Appearing in workplaces, schools, and on soccer fields, diversity and inclusion have no bounds.
The Penn men's soccer team decided to take action and create a diversity and inclusion committee to promote social justice awareness and make a difference on the field, on Penn’s campus, and in the West Philadelphia community.
The initiative to start this committee was sparked after a smaller group of players on the team came to Penn men’s soccer coach Brian Gill with the idea of creating a cabinet of soccer players that would meet to discuss prevalent social justice issues.
“[The creation of this committee] has been an evolving process since summer, around the time of George Floyd’s murder and protests,” Gill said. “In that time frame, a lot of us coaches — not just soccer, [but] coaches across the country — were trying to figure out how to discuss these issues with our teams. We wanted to have open dialogues and to use sports as a method to take stock for what different people have been doing to raise awareness. As we were finishing up fall, a few of the guys believed we could do more. The players suggested that we could do stuff internally to raise awareness: movies, podcasts, and social justice talks in the athletic department gave the chance to listen. This was an opportunity for the guys to take a step back from soccer and take time to have more open and honest conversations about what’s going on in our world today, and how we interpret these different events.”
Spearheaded by senior Henry Sherwood Caballero, sophomore Will Schlatterer, junior Spencer Higgins, freshman Mattias Hanchard, and junior Dane Jacomen, the committee has many goals for the progress of the group.
“[The goal of the committee] is to foster a team culture where we can listen to each other and learn about each other's feelings, and backgrounds," Caballero said. "We saw this as an opportunity to get the team closer to each other. A lot of topics we discuss can be polarizing, but our main goal isn't to create divisions between each other. The point is to accept other people’s ideas. We need to have these hard conversations."
For Caballero, understanding why diversity and inclusion are so important was the first step in establishing the committee.
“It's just fair. It's the right thing to do," Caballero said. “America was built on a legacy that exploited Black and brown bodies. We need to build a society where everyone is equal. We need higher sports representations. We see how this legacy boiled over during COVID-19 and the murder of George Floyd. Now the cracks in the system are more apparent. This not only applies to Penn, but to all lives, society, and the entire world. The first step is to get the skills of putting ourselves into each other’s shoes.”
Similarly, Gill saw the formation of the committee as an obligation to the community.
“It’s a mechanism in the campus to bring awareness to these things,” Gill said. “We need to use our platforms. We as an athletics team need to recognize that we have an obligation to show a level of unity and express well to people what is acceptable and what’s not within the walls of our program. It’s a lot of food for thought for people in institutions like ours to challenge the norms.”
Once this mindset was established, creating an agenda for the committee was the next step to take in order for its goals to be met.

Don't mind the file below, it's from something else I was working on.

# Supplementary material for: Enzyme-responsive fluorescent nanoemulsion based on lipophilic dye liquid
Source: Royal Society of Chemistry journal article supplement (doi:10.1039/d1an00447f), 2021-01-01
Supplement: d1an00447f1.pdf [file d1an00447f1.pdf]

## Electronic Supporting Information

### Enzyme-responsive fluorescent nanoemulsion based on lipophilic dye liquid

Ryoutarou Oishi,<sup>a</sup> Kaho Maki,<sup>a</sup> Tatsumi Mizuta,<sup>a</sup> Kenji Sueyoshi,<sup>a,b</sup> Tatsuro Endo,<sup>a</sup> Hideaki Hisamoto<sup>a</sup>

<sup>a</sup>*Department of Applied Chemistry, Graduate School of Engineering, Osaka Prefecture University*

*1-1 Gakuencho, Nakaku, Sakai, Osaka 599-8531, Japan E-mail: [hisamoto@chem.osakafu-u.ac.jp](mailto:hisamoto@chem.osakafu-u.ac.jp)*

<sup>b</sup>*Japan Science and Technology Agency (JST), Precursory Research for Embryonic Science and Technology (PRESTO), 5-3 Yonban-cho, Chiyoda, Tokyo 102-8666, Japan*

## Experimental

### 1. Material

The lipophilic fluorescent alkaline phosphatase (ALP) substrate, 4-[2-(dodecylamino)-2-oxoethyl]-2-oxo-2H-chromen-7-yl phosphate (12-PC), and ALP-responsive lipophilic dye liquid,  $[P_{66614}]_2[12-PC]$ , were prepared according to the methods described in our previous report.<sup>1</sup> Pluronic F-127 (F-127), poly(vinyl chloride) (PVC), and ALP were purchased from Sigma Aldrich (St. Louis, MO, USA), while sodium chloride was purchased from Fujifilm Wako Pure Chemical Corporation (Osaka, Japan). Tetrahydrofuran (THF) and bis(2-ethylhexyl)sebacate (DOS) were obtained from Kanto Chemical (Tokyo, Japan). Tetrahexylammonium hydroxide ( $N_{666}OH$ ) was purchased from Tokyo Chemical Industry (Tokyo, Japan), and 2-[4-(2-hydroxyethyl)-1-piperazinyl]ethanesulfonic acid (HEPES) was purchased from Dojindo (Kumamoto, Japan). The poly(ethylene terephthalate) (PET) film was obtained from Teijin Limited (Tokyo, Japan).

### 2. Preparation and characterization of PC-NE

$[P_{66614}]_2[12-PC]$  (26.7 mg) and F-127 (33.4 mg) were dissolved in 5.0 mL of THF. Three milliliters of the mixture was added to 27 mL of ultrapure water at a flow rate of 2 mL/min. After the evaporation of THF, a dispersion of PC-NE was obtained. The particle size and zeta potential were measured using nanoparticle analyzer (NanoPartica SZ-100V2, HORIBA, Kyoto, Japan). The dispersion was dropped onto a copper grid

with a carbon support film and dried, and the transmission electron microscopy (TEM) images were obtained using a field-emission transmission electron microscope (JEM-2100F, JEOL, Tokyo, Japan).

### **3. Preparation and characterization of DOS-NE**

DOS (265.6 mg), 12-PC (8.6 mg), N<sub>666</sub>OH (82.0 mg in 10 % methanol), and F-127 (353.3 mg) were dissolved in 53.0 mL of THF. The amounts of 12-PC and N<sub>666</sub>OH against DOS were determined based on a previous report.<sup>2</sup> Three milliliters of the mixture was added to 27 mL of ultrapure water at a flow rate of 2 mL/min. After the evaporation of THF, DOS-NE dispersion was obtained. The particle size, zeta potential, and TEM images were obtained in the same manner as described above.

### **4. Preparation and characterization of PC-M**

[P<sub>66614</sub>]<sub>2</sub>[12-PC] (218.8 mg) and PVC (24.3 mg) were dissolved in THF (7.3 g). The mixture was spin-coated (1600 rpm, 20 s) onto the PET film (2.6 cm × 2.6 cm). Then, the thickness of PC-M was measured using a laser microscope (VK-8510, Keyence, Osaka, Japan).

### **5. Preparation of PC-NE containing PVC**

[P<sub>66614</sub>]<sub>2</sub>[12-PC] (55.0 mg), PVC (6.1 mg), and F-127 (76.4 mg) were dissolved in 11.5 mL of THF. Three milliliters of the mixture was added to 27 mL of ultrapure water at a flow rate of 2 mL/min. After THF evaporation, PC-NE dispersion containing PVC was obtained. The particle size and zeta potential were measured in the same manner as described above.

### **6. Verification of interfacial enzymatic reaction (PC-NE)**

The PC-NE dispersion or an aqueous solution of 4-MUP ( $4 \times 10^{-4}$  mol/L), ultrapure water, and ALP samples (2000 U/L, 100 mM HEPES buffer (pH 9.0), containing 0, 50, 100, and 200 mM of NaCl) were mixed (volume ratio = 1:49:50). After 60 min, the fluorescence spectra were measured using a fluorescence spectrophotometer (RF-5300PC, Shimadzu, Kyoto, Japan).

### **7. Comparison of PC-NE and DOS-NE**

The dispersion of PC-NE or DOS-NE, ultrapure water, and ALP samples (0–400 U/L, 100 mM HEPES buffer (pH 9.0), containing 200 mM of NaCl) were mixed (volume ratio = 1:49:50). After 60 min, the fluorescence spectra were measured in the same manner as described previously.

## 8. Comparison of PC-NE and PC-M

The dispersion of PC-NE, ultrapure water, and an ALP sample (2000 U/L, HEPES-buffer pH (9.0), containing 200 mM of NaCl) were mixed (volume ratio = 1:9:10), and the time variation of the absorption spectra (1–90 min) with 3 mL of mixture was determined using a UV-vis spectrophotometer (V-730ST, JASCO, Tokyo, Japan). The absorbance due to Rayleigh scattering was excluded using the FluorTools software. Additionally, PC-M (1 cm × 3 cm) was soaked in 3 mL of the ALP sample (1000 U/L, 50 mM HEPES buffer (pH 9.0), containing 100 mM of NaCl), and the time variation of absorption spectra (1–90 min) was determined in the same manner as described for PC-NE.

“We started biweekly meetings in late/mid-January,” Caballero said. “We hold Zoom meetings and split up into breakout groups. For Black History Month, we talked about about Black athletes and their impact on social justice. We would split up into five rooms, and then present our findings to the larger group. It’s not always about politics. It’s mainly about walking in each other’s shoes.”
Despite only being a committee of five athletes, each member hopes to make a positive impact on not only the soccer team, but Penn’s campus and the surrounding community. The first step, naturally, is to make an impact right at home.
“It's about taking it a step at a time,” Caballero said. “We need to look inwards to who we are as a team and what we can do. Making players talk brings them together. Eventually we plan to move outwards in terms of our focus. We want to have discussions with guest speakers. When it’s safe, we want to volunteer at mini-clinics at public high schools in [Philadelphia], or food drives, or homeless shelters.”
The next step would be for the team to take their platform and use it to benefit Penn students and faculty, and those in need around the West Philadelphia community.
“[Right now], we’re in phase one of inward reflecting,” Caballero said. “Eventually, we want to branch out and help [Philadelphia]. [Philadelphia] is a ‘big broke city.’ There are so many racial and ethnic problems in [Philadelphia]. We’re so lucky to be here at Penn, so we need to take advantage of our opportunities. If we have a group of people on the soccer team that can have tough conversations, then that in itself will have a positive impact on Penn. We want to contribute what we know to our fellow peers. It’s hard not having a season because we can’t use it as a platform, but we do have plans to do things such as take a knee to show solidarity to Black Lives Matter. If our peers see us, it will make our actions more impactful.”
With the committee serving as a relatively new addition to Penn men’s soccer, keeping it alive for future generations takes top priority.
“I’m consoled by being the only senior,” Caballero said. “The guys on the committee are great people. The fact that the idea came from underclassmen gives me hope. [Right now], the freshmen on our team are super diverse. This shows why these conversations are important to have. Even when I graduate, I will always be there to support them.”
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